To beat opioids we must address the psychology of pain | Insurance Business America
The battle against the US opioid crisis rages on. The epidemic, which takes the lives of over 100 Americans every day from overdoses, has been declared a public health emergency by President Trump and remains a top-of-mind issue for various industries nationwide.
Decreasing loss trends in the workers’ compensation markets suggest the high-profile messaging surrounding the opioid crisis is starting to kick in. In most states, pricing relative to loss trends has been flat or down for the past few years, which is partly due to increased emphasis on workplace safety, loss control and new pain management systems.
Workers’ compensation insurers play a key role in curtailing the opioid crisis, according to Mark Walls, vice president, communications & strategic analysis, Safety National. Speaking to Insurance Business at RIMS 2018, he described the industry as being “ahead of the curve” but said there’s still more work to be done, especially in the alternative treatment space.
“I believe the workers’ compensation industry is ahead of the curve when it comes to the opioid problem. We’ve been battling the issue for at least 10 years,” said Walls. “In the last two years, we’ve started to see more nationwide emphasis on cutting down opioid abuse, which is helping to drive down costs in the workers’ compensation industry.
“Another thing driving down costs is that several states have implemented treatment guidelines and drug formulas to ensure people are getting the proper treatment, appropriate medication and cutting out abuse issues.”
Safety National’s medical management team has partnered with a company called Best Doctors to offer policyholders and their employers additional medical expertise and resources. Through this partnership, Safety National policyholders have access to a database of physicians with expertise in catastrophic injury claims.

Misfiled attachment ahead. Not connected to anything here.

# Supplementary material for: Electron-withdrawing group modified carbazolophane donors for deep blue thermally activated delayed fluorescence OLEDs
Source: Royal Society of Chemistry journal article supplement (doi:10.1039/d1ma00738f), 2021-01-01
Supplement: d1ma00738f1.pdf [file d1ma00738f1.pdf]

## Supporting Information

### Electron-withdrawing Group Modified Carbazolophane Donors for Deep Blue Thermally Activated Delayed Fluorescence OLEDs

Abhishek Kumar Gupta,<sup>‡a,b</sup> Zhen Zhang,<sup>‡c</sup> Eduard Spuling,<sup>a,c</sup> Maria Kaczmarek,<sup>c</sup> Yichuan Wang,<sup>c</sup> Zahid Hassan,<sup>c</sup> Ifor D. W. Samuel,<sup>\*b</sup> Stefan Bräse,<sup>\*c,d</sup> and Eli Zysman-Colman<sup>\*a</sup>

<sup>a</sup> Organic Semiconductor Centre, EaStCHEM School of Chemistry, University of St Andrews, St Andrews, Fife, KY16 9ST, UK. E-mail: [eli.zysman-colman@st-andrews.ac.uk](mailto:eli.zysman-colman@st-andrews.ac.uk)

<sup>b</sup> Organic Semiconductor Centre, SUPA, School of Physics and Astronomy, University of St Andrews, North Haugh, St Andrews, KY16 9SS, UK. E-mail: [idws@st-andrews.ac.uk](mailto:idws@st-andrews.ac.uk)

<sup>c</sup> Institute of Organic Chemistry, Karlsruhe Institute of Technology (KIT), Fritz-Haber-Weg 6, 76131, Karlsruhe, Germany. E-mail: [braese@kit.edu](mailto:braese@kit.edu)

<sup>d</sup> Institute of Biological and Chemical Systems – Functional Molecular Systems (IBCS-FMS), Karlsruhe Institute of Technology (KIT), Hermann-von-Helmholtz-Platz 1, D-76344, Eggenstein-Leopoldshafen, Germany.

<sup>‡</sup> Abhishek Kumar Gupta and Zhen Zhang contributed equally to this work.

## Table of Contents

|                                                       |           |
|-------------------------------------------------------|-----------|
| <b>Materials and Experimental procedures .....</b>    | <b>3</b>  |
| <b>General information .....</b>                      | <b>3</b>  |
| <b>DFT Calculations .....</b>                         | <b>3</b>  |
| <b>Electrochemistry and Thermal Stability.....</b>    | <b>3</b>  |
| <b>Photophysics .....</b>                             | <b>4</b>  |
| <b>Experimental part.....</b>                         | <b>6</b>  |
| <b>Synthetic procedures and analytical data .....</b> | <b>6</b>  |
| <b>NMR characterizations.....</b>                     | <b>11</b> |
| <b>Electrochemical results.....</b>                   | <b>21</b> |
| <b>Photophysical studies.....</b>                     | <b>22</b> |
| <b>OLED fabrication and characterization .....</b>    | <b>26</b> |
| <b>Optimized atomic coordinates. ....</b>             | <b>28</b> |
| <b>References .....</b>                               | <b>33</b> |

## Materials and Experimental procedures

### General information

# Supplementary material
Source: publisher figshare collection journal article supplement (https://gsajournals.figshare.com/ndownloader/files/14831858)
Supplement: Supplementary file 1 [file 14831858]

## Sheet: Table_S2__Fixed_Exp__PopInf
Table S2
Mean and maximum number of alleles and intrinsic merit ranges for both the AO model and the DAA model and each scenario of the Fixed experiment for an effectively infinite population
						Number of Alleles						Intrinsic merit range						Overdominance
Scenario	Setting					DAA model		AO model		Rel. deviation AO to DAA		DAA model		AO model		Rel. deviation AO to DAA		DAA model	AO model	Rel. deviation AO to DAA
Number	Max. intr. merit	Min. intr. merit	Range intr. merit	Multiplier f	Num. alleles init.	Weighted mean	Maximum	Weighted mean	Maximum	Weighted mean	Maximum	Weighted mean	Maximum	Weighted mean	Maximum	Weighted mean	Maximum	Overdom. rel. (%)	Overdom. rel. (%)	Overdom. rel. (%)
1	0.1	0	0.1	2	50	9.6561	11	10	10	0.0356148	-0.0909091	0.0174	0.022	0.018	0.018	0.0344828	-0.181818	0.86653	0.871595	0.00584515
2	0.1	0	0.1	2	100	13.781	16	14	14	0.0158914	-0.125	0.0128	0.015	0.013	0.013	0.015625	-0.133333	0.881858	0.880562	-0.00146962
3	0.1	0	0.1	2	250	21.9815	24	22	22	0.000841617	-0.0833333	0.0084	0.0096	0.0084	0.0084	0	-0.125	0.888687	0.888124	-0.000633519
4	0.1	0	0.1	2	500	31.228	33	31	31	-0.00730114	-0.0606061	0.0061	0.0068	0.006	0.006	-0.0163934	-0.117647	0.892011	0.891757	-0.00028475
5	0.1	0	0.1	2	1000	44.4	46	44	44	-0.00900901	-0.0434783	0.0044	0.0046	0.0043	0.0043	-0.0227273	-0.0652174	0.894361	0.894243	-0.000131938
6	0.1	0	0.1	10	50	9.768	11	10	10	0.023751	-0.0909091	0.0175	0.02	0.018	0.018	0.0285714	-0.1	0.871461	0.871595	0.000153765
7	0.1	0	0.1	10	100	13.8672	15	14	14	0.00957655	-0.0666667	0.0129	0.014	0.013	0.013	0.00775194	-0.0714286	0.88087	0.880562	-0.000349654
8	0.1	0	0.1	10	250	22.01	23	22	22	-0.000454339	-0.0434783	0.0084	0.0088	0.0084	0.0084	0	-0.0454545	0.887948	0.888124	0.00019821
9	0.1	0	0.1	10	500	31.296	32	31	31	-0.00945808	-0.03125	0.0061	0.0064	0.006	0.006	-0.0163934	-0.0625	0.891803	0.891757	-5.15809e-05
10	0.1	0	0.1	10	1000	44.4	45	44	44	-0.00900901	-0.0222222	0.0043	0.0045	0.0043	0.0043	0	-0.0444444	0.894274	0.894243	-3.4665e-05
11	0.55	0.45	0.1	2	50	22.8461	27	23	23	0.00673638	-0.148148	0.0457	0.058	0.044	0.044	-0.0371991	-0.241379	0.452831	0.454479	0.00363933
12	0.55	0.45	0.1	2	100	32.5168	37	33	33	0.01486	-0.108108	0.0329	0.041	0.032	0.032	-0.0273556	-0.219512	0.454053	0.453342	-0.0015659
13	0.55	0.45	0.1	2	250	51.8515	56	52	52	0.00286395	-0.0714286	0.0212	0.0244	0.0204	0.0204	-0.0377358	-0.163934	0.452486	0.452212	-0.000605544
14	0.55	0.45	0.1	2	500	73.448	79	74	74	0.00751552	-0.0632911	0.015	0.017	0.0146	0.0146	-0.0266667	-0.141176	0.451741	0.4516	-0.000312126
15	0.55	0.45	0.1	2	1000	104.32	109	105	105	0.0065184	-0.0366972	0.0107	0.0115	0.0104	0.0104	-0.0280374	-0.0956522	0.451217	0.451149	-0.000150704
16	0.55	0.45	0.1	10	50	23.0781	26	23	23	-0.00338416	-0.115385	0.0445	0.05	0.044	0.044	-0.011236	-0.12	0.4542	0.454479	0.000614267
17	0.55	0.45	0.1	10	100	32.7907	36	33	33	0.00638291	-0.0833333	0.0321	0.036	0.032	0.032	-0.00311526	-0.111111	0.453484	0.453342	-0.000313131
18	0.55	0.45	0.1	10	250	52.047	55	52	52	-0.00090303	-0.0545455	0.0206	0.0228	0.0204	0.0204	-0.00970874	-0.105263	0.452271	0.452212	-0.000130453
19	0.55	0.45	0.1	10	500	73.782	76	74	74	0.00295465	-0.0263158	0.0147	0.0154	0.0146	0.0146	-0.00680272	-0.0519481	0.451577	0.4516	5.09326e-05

The program has seen much success, according to Walls, especially with regards to exploring alternative pain management treatment and taking people away from opioids in order to get their lives back on track.
“One of the key issues our industry faces right now is: how do we transition away from opioids and drugs being the go-to option? How do you deal with pain and what are the alternatives?” Walls commented. “That’s what we’re focusing on at Safety National – finding pain relief and treatment alternatives rather than just prescribing a pill.
“The first thing to emphasize is that pain is very individual. Everyone has a different pain threshold, and everyone responds to treatment in different ways. Some examples of alternatives out there include: yoga, meditation, bio-feedback, and multi-disciplinary pain management programs. If someone’s chronically addicted to a pain relief drug, you have to start with a detox program and then guide them through some of these pain management programs.”
A key element to alternative pain management is psychological treatment, Walls explained. Pain management experts often stress that fixing physical ailments starts with mental health and the psychology of pain.
“The mind plays a huge role in pain. Therefore, battling the opioid crisis really has to start with a focus on mental health. It has to be a whole-body treatment approach,” he told Insurance Business. “The problems we face in workers’ compensation are not unique to the industry. Unfortunately, there’s not enough focus on mental health in the workers’ compensation industry or in the US healthcare system in general.
“If we don’t address the psychology of pain, then we’re never going to get the opioid epidemic under control.”